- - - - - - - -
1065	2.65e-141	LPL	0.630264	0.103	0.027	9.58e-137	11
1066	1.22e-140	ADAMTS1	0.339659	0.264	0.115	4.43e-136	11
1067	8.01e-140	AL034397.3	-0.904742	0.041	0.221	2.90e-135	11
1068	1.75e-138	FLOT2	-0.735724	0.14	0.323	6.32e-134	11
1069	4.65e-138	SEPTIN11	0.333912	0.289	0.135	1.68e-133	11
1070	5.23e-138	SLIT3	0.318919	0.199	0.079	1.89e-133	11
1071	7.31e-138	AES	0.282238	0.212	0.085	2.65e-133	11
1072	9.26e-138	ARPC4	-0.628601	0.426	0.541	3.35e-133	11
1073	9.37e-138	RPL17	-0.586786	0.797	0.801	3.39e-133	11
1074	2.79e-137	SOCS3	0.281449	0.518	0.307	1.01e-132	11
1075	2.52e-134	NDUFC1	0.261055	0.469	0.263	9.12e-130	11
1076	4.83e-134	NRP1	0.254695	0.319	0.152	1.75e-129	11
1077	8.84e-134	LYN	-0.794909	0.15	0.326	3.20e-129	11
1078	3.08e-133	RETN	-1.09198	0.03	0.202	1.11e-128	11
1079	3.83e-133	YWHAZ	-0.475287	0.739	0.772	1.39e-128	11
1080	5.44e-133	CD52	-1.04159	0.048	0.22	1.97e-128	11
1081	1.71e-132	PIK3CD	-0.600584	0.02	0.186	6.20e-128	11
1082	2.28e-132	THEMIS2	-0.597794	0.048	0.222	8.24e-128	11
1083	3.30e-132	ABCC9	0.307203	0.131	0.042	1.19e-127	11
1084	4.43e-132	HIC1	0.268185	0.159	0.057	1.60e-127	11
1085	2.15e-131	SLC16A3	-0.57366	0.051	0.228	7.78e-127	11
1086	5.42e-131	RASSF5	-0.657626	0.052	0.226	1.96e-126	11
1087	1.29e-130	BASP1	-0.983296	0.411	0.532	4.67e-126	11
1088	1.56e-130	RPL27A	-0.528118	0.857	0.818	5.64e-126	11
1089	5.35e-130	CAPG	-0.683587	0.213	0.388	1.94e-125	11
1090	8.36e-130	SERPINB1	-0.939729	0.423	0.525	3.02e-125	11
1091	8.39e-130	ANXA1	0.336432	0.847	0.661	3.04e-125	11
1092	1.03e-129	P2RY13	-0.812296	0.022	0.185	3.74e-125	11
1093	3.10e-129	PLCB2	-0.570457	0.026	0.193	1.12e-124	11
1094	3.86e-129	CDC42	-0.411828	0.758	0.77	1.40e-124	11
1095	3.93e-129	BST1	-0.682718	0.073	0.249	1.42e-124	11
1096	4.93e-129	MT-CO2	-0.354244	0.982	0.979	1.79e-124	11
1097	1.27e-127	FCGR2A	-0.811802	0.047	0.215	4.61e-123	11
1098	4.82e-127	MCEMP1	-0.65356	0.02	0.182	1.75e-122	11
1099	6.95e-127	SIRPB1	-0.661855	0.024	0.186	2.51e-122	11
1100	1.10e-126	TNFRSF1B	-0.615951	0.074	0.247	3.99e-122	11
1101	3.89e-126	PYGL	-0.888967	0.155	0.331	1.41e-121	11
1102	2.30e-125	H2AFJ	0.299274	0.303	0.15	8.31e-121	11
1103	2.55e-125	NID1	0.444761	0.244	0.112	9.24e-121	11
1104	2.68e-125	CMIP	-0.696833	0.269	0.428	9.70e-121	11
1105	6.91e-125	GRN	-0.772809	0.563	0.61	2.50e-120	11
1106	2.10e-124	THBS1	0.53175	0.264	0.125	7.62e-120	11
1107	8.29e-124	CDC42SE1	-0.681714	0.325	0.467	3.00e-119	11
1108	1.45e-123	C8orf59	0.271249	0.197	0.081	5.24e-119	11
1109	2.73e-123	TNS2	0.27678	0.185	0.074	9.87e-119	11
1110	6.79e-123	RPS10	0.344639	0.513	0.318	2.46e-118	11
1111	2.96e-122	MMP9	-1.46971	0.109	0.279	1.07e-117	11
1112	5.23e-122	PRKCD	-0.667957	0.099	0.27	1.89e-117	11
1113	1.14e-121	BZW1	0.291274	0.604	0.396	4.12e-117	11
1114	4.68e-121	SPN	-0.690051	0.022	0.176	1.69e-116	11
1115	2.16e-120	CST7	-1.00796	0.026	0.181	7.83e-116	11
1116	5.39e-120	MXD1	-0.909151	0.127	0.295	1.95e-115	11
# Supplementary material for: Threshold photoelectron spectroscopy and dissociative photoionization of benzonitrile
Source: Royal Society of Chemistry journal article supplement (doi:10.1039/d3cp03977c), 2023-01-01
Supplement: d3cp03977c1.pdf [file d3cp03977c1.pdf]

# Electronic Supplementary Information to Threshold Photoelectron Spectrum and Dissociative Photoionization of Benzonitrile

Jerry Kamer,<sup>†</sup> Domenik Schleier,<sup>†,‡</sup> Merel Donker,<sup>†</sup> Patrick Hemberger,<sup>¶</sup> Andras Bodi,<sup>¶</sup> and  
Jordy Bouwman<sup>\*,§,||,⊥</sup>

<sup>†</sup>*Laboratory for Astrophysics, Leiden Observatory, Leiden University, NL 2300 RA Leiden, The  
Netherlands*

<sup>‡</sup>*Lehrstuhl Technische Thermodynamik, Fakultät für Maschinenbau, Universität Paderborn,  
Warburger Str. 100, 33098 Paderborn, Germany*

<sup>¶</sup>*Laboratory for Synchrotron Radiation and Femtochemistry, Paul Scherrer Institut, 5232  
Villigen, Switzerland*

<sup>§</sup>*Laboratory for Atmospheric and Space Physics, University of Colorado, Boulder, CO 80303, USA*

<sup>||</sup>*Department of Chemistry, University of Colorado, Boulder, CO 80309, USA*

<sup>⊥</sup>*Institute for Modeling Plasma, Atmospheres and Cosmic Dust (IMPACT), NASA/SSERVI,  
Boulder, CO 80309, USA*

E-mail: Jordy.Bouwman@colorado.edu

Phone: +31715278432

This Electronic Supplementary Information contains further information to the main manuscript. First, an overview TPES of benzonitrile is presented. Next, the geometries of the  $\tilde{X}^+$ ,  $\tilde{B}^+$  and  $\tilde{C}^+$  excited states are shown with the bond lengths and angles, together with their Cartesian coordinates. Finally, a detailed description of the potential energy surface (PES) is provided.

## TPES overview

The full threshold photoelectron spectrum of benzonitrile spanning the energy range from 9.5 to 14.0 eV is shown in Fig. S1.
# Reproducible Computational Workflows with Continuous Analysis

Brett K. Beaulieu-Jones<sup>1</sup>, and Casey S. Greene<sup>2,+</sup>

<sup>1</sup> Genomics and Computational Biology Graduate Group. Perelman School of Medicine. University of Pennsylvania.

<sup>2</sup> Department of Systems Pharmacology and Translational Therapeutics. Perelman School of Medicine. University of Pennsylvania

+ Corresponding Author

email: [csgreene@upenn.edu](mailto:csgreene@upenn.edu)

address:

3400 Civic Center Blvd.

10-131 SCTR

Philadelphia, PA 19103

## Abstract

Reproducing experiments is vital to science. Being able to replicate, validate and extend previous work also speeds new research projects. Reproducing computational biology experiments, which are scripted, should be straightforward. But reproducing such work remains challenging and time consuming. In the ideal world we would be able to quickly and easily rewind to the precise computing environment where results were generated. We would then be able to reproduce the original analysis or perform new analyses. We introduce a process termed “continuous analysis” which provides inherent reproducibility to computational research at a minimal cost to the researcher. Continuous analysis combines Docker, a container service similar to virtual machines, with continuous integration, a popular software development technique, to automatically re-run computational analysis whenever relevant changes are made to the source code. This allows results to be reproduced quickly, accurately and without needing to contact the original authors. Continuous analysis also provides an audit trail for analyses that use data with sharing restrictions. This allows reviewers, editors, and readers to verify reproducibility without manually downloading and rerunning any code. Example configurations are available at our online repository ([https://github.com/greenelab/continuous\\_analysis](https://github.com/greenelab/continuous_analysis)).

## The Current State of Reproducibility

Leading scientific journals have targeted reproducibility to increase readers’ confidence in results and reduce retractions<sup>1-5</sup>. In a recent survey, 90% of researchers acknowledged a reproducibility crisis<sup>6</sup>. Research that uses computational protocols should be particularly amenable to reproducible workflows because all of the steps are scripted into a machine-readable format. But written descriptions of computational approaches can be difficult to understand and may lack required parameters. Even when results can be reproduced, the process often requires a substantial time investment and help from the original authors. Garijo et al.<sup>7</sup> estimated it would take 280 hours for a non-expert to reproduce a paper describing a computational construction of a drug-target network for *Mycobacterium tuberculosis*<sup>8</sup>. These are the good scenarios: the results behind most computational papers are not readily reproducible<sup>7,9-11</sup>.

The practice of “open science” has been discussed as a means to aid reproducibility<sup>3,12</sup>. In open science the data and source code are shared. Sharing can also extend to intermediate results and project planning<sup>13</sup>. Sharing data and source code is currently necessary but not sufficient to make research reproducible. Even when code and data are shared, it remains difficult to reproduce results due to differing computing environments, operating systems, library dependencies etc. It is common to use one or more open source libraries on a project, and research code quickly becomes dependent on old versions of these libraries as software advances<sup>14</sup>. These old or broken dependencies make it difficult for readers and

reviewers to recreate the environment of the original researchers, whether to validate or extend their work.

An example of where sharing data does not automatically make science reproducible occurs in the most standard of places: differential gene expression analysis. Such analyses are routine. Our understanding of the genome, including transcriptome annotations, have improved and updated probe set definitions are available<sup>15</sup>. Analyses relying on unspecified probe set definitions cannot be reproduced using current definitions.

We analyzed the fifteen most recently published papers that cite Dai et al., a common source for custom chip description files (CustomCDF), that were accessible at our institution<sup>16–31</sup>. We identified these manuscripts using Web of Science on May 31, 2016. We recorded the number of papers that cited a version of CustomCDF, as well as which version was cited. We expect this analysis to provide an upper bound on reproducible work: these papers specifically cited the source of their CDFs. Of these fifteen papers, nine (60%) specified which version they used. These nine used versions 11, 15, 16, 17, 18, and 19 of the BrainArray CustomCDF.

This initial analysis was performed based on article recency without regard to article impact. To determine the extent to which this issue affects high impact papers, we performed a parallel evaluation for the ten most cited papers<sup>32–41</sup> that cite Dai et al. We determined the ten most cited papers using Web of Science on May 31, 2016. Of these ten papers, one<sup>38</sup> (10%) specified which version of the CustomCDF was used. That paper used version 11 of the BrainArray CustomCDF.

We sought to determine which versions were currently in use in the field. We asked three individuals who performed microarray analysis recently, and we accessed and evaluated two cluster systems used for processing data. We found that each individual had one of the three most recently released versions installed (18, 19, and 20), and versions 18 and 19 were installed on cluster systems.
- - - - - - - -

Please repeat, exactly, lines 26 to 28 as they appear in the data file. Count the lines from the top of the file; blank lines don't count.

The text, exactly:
1090	8.36e-130	SERPINB1	-0.939729	0.423	0.525	3.02e-125	11
1091	8.39e-130	ANXA1	0.336432	0.847	0.661	3.04e-125	11
1092	1.03e-129	P2RY13	-0.812296	0.022	0.185	3.74e-125	11